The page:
Potential DM1 Therapy, PGN-EDODM1, Shows Safety in Studies
Work in non-human primates, other models support earlier efficacy findings
PGN-EDODM1, a therapy candidate for myotonic dystrophy type 1 (DM1), showed a favorable safety profile in preclinical studies, including those in non-human primates, PepGen, the company developing the treatment, announced.
This work is expected to support a request to initiate a single ascending dose clinical trial of PGN-EDODM1 in DM1 patients, possibly in or by June 2023, according to a company press release. That study would assess the therapy’s safety, tolerability, and activity in patients.
“We are highly encouraged by the results seen in these [application-supporting] studies, and are excited by the potential of PGN-EDODM1 to address the root cause of this debilitating disease,” said James McArthur, PhD, PepGen’s president and CEO.
“There are no approved, disease-modifying therapeutics currently available to those living with DM1, and we look forward to advancing PGN-EDODM1 for this patient population,” he added.
PGN-EDODM1 aims to correct splicing defects of myotonic dystrophy type 1
DM1 is characterized by progressive muscle weakness and muscles’ inability to relax after use (myotonia). The disease is caused by abnormal repeats of three nucleotides — DNA’s building blocks — known as CTG in the DMPK gene. This leads to the formation of abnormally long messenger RNA (mRNA) molecules, which form toxic clumps. mRNA is an intermediate molecule derived from DNA that guides protein production. In mRNA, the corresponding nucleotides are CUG.
These long mRNAs lead to impairments in splicing, a key step in RNA processing to generate a protein.
PGN-EDODM1, designed using PepGen’s Enhanced Delivery Oligonucleotide (EDO) platform, binds to the CUG repeats to correct the splicing defects that underlie DM1.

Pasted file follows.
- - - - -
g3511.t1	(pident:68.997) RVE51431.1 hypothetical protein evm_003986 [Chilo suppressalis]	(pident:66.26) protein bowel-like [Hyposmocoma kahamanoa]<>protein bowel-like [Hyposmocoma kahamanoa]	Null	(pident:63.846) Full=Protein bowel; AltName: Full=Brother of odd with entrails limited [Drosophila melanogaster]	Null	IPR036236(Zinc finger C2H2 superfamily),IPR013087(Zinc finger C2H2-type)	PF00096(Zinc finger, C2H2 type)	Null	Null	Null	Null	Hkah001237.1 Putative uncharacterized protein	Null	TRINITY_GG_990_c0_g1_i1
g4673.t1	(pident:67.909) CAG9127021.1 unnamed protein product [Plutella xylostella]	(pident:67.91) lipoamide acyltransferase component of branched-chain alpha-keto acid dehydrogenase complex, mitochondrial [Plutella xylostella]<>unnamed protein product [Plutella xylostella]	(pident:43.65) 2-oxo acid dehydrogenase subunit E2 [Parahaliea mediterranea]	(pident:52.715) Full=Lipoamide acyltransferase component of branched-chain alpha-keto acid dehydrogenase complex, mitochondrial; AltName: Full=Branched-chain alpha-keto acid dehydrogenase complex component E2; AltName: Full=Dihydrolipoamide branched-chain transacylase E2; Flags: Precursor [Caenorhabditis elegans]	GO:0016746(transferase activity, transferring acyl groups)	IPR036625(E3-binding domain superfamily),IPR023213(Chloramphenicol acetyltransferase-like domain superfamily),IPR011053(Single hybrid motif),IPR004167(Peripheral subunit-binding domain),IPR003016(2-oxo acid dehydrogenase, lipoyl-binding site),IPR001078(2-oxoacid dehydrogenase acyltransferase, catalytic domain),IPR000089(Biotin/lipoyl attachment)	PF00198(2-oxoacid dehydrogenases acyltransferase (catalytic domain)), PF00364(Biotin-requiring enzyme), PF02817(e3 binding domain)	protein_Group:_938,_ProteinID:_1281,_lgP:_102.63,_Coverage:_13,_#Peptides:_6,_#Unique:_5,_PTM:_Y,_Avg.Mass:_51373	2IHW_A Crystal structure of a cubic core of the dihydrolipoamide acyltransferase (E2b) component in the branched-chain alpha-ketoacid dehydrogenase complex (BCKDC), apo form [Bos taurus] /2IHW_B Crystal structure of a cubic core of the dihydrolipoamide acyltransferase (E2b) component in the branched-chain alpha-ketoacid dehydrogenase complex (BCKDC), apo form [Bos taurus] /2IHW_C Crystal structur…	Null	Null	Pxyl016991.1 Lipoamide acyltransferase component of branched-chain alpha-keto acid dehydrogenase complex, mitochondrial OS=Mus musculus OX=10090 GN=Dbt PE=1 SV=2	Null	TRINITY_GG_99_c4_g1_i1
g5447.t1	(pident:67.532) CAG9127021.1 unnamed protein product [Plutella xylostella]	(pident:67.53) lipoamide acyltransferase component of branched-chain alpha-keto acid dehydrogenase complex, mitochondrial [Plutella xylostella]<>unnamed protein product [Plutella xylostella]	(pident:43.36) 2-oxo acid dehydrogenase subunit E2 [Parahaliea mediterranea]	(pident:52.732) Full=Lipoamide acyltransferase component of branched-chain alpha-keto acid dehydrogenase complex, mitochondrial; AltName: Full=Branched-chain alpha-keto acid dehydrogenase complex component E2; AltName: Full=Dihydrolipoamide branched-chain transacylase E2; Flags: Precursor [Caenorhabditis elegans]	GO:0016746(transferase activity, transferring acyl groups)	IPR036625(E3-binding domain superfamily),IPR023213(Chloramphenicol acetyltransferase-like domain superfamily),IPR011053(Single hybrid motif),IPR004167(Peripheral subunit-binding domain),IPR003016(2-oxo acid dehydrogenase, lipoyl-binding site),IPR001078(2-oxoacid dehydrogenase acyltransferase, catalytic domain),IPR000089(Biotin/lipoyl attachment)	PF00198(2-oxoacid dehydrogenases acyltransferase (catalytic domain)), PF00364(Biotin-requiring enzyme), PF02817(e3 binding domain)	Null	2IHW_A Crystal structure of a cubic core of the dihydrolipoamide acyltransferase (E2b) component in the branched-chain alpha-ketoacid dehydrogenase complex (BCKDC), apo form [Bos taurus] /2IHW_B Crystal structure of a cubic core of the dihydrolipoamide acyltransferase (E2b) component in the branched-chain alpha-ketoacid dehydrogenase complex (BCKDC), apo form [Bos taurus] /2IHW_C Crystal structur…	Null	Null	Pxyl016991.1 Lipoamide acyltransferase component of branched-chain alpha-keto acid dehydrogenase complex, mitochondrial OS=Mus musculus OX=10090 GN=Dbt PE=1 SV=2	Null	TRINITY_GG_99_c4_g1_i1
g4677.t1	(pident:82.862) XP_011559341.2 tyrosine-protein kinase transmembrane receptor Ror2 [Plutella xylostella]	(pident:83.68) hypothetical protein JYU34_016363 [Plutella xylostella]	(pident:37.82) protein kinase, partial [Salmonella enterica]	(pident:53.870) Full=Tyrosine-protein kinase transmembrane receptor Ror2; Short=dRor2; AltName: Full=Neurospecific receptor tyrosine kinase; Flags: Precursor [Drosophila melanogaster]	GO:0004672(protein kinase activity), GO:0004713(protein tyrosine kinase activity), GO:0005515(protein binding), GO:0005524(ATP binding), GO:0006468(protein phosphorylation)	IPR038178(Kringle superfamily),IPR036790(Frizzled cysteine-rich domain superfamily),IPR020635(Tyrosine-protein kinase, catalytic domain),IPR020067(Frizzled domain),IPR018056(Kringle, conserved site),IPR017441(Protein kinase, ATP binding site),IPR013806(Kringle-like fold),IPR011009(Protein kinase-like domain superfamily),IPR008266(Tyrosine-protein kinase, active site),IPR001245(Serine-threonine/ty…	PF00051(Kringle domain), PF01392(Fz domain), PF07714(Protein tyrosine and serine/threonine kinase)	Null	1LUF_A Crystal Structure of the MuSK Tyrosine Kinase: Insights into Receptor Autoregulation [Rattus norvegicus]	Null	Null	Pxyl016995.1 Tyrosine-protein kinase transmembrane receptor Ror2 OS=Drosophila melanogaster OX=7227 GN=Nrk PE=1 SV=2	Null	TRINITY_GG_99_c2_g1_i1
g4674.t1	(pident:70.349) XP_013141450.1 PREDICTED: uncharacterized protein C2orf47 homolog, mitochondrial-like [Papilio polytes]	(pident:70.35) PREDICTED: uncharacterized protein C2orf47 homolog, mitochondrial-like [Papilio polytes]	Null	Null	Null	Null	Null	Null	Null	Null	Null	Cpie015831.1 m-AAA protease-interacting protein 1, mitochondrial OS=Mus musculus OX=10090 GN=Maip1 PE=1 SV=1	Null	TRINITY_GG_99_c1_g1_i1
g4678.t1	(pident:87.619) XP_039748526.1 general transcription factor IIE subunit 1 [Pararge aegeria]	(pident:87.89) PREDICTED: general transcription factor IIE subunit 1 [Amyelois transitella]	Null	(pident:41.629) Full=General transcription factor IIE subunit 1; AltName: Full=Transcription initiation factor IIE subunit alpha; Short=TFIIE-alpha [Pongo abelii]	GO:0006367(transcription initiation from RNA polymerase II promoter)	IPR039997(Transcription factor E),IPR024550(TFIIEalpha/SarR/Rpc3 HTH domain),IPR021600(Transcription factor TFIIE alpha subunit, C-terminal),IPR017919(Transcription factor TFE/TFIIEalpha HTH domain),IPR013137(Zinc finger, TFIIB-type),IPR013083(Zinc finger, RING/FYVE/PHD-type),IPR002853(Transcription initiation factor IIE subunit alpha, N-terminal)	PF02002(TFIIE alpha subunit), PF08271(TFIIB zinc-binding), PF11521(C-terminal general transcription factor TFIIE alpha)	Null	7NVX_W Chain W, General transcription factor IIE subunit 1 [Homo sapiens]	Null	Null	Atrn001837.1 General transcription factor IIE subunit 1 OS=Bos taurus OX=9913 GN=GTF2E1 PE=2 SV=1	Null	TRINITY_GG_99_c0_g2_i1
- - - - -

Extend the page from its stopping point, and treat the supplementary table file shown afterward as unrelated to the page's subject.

In previous preclinical studies in a DM1 mouse model, PGN-EDODM1 showed signs of efficacy. One study reported that a single, low-dose administration of PGN-EDODM1 was able to correct splicing defects and reverse myotonia.
“We have previously shown that PGN-EDODM1 can achieve greater than 60% correction of the mis-splicing events in a murine model of DM1, resulting in a complete reversal of myotonia. This correction in mis-splicing was observed to be highly durable, with activity sustained through 24 weeks following a single dose,” McArthur said.
Building on these early findings indicating efficacy, PepGen has now completed studies into the potential therapy’s safety profile.
In vitro (lab) tests were done using precursors of muscle cells, called myoblasts, collected from a DM1 patient with 2,600 CTG repeats. The cells were developed into muscle structures called myotubes, which were then treated with PGN-EDODM1 at various concentrations.
The scientists also evaluated the impact of three doses of PGN-EDODM1 — 10, 30, or 60 mg/kg — administered every two weeks to non-human primates.
In both patients’ and primates’ cells, the mean levels of DMPK mRNA remained unchanged when compared to controls. The treatment also lowered levels of mRNA toxic clumps and corrected splicing defects.
According to PepGen, findings showed that PGN-EDODM1 does not degrade DMPK mRNA. In a mouse model of DM1, a single-dose of PGN-EDODM1 had no impact through 24 weeks in the levels of other mRNAs containing more than 10 CUG repeats, suggesting no off-target effects.
“We believe that PGN-EDODM1 offers a targeted approach for the treatment of DM1, without the risk of potential confounding effects,” McArthur said.
PGN-EDODM1 was well-tolerated in non-human primates up to doses of 90 mg/kg in toxicology studies. No adverse effects were seen in kidney, liver, or cardiovascular function.
“We observed that this product candidate was well-tolerated in acute GLP [good laboratory practice] studies conducted in rodents and NHPs [non-human primates] at what we believe are clinically relevant doses,” McArthur said.
PepGen’s EDO platform aided in developing a Duchenne muscular dystrophy (DMD) therapy called PGN-EDO51, and the investigational treatment recently was tested in a Phase 1 trial with healthy volunteers.
Trial results showed that the therapy’s use met a main study goal, with PGN-EDO51 being well-tolerated at pharmacologically relevant doses. Muscle biopsies also showed signs of efficacy.
“Results from our recent Phase 1 clinical trial of PGN-EDO51 in healthy volunteers suggest that our EDO technology has the potential to deliver therapeutic levels of the PGN-EDODM1 oligonucleotide to human muscle,” McArthur said.